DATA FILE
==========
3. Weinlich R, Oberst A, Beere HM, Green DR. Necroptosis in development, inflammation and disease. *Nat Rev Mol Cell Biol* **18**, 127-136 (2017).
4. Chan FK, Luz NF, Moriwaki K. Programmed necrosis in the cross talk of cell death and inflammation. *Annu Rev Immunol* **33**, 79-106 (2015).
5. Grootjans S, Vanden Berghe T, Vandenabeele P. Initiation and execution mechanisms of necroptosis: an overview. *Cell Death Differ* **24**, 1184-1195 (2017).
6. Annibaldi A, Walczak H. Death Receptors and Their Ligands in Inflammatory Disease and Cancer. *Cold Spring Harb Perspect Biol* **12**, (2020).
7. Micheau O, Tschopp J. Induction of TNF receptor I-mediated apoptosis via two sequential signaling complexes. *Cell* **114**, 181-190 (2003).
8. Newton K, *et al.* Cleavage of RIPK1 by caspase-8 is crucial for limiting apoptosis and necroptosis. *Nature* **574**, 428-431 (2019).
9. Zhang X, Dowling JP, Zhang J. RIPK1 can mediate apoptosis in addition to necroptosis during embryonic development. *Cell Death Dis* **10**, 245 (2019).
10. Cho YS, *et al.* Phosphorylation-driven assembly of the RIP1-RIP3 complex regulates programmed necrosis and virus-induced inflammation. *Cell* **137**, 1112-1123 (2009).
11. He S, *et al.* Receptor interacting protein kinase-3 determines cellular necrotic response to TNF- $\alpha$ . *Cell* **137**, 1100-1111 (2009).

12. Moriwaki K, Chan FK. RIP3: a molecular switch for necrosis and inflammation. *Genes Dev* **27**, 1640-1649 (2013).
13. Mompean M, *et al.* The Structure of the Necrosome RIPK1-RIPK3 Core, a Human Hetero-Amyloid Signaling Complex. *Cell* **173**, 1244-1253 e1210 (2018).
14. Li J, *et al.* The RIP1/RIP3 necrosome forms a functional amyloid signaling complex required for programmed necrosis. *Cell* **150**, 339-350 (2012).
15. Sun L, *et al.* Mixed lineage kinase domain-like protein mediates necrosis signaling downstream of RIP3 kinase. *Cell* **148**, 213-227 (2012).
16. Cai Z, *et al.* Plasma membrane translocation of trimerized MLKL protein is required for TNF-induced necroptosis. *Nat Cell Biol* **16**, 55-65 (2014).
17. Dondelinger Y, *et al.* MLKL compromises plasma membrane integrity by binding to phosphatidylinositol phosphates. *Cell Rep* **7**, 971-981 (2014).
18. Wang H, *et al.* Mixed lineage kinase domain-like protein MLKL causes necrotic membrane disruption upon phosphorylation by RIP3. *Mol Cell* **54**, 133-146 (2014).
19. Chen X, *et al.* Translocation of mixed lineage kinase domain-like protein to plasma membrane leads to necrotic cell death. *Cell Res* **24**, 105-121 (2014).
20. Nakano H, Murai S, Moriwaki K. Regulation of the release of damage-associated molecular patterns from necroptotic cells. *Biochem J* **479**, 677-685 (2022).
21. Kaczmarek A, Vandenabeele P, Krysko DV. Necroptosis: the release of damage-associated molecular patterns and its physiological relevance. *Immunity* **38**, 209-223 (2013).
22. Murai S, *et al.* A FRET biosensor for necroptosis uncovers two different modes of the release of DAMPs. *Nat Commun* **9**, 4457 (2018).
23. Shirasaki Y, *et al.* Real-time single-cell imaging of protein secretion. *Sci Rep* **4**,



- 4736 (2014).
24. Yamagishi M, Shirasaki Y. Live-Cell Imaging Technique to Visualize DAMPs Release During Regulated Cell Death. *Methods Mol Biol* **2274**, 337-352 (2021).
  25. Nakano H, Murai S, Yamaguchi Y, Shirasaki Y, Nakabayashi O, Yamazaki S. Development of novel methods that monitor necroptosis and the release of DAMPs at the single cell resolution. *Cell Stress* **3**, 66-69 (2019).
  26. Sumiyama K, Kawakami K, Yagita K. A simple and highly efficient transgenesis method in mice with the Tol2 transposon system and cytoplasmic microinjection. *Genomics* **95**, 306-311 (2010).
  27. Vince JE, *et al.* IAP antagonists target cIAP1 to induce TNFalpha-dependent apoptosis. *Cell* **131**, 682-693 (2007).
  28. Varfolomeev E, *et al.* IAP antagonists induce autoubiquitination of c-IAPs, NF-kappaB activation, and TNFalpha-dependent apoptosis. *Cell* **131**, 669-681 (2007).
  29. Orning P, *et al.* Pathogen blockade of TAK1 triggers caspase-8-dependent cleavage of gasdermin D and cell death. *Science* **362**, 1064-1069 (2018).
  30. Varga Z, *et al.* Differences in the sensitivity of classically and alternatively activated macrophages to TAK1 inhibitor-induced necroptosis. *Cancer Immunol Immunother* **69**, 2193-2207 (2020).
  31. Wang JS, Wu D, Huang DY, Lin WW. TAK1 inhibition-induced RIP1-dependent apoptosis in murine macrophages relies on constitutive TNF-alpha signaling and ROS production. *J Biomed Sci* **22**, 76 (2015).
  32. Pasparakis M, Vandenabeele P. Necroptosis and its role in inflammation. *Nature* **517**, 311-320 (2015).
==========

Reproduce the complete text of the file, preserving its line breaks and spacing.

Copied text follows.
3. Weinlich R, Oberst A, Beere HM, Green DR. Necroptosis in development, inflammation and disease. *Nat Rev Mol Cell Biol* **18**, 127-136 (2017).
4. Chan FK, Luz NF, Moriwaki K. Programmed necrosis in the cross talk of cell death and inflammation. *Annu Rev Immunol* **33**, 79-106 (2015).
5. Grootjans S, Vanden Berghe T, Vandenabeele P. Initiation and execution mechanisms of necroptosis: an overview. *Cell Death Differ* **24**, 1184-1195 (2017).
6. Annibaldi A, Walczak H. Death Receptors and Their Ligands in Inflammatory Disease and Cancer. *Cold Spring Harb Perspect Biol* **12**, (2020).
7. Micheau O, Tschopp J. Induction of TNF receptor I-mediated apoptosis via two sequential signaling complexes. *Cell* **114**, 181-190 (2003).
8. Newton K, *et al.* Cleavage of RIPK1 by caspase-8 is crucial for limiting apoptosis and necroptosis. *Nature* **574**, 428-431 (2019).
9. Zhang X, Dowling JP, Zhang J. RIPK1 can mediate apoptosis in addition to necroptosis during embryonic development. *Cell Death Dis* **10**, 245 (2019).
10. Cho YS, *et al.* Phosphorylation-driven assembly of the RIP1-RIP3 complex regulates programmed necrosis and virus-induced inflammation. *Cell* **137**, 1112-1123 (2009).
11. He S, *et al.* Receptor interacting protein kinase-3 determines cellular necrotic response to TNF- $\alpha$ . *Cell* **137**, 1100-1111 (2009).

12. Moriwaki K, Chan FK. RIP3: a molecular switch for necrosis and inflammation. *Genes Dev* **27**, 1640-1649 (2013).
13. Mompean M, *et al.* The Structure of the Necrosome RIPK1-RIPK3 Core, a Human Hetero-Amyloid Signaling Complex. *Cell* **173**, 1244-1253 e1210 (2018).
14. Li J, *et al.* The RIP1/RIP3 necrosome forms a functional amyloid signaling complex required for programmed necrosis. *Cell* **150**, 339-350 (2012).
15. Sun L, *et al.* Mixed lineage kinase domain-like protein mediates necrosis signaling downstream of RIP3 kinase. *Cell* **148**, 213-227 (2012).
16. Cai Z, *et al.* Plasma membrane translocation of trimerized MLKL protein is required for TNF-induced necroptosis. *Nat Cell Biol* **16**, 55-65 (2014).
17. Dondelinger Y, *et al.* MLKL compromises plasma membrane integrity by binding to phosphatidylinositol phosphates. *Cell Rep* **7**, 971-981 (2014).
18. Wang H, *et al.* Mixed lineage kinase domain-like protein MLKL causes necrotic membrane disruption upon phosphorylation by RIP3. *Mol Cell* **54**, 133-146 (2014).
19. Chen X, *et al.* Translocation of mixed lineage kinase domain-like protein to plasma membrane leads to necrotic cell death. *Cell Res* **24**, 105-121 (2014).
20. Nakano H, Murai S, Moriwaki K. Regulation of the release of damage-associated molecular patterns from necroptotic cells. *Biochem J* **479**, 677-685 (2022).
21. Kaczmarek A, Vandenabeele P, Krysko DV. Necroptosis: the release of damage-associated molecular patterns and its physiological relevance. *Immunity* **38**, 209-223 (2013).
22. Murai S, *et al.* A FRET biosensor for necroptosis uncovers two different modes of the release of DAMPs. *Nat Commun* **9**, 4457 (2018).
23. Shirasaki Y, *et al.* Real-time single-cell imaging of protein secretion. *Sci Rep* **4**,



- 4736 (2014).
24. Yamagishi M, Shirasaki Y. Live-Cell Imaging Technique to Visualize DAMPs Release During Regulated Cell Death. *Methods Mol Biol* **2274**, 337-352 (2021).
  25. Nakano H, Murai S, Yamaguchi Y, Shirasaki Y, Nakabayashi O, Yamazaki S. Development of novel methods that monitor necroptosis and the release of DAMPs at the single cell resolution. *Cell Stress* **3**, 66-69 (2019).
  26. Sumiyama K, Kawakami K, Yagita K. A simple and highly efficient transgenesis method in mice with the Tol2 transposon system and cytoplasmic microinjection. *Genomics* **95**, 306-311 (2010).
  27. Vince JE, *et al.* IAP antagonists target cIAP1 to induce TNFalpha-dependent apoptosis. *Cell* **131**, 682-693 (2007).
  28. Varfolomeev E, *et al.* IAP antagonists induce autoubiquitination of c-IAPs, NF-kappaB activation, and TNFalpha-dependent apoptosis. *Cell* **131**, 669-681 (2007).
  29. Orning P, *et al.* Pathogen blockade of TAK1 triggers caspase-8-dependent cleavage of gasdermin D and cell death. *Science* **362**, 1064-1069 (2018).
  30. Varga Z, *et al.* Differences in the sensitivity of classically and alternatively activated macrophages to TAK1 inhibitor-induced necroptosis. *Cancer Immunol Immunother* **69**, 2193-2207 (2020).
  31. Wang JS, Wu D, Huang DY, Lin WW. TAK1 inhibition-induced RIP1-dependent apoptosis in murine macrophages relies on constitutive TNF-alpha signaling and ROS production. *J Biomed Sci* **22**, 76 (2015).
  32. Pasparakis M, Vandenabeele P. Necroptosis and its role in inflammation. *Nature* **517**, 311-320 (2015).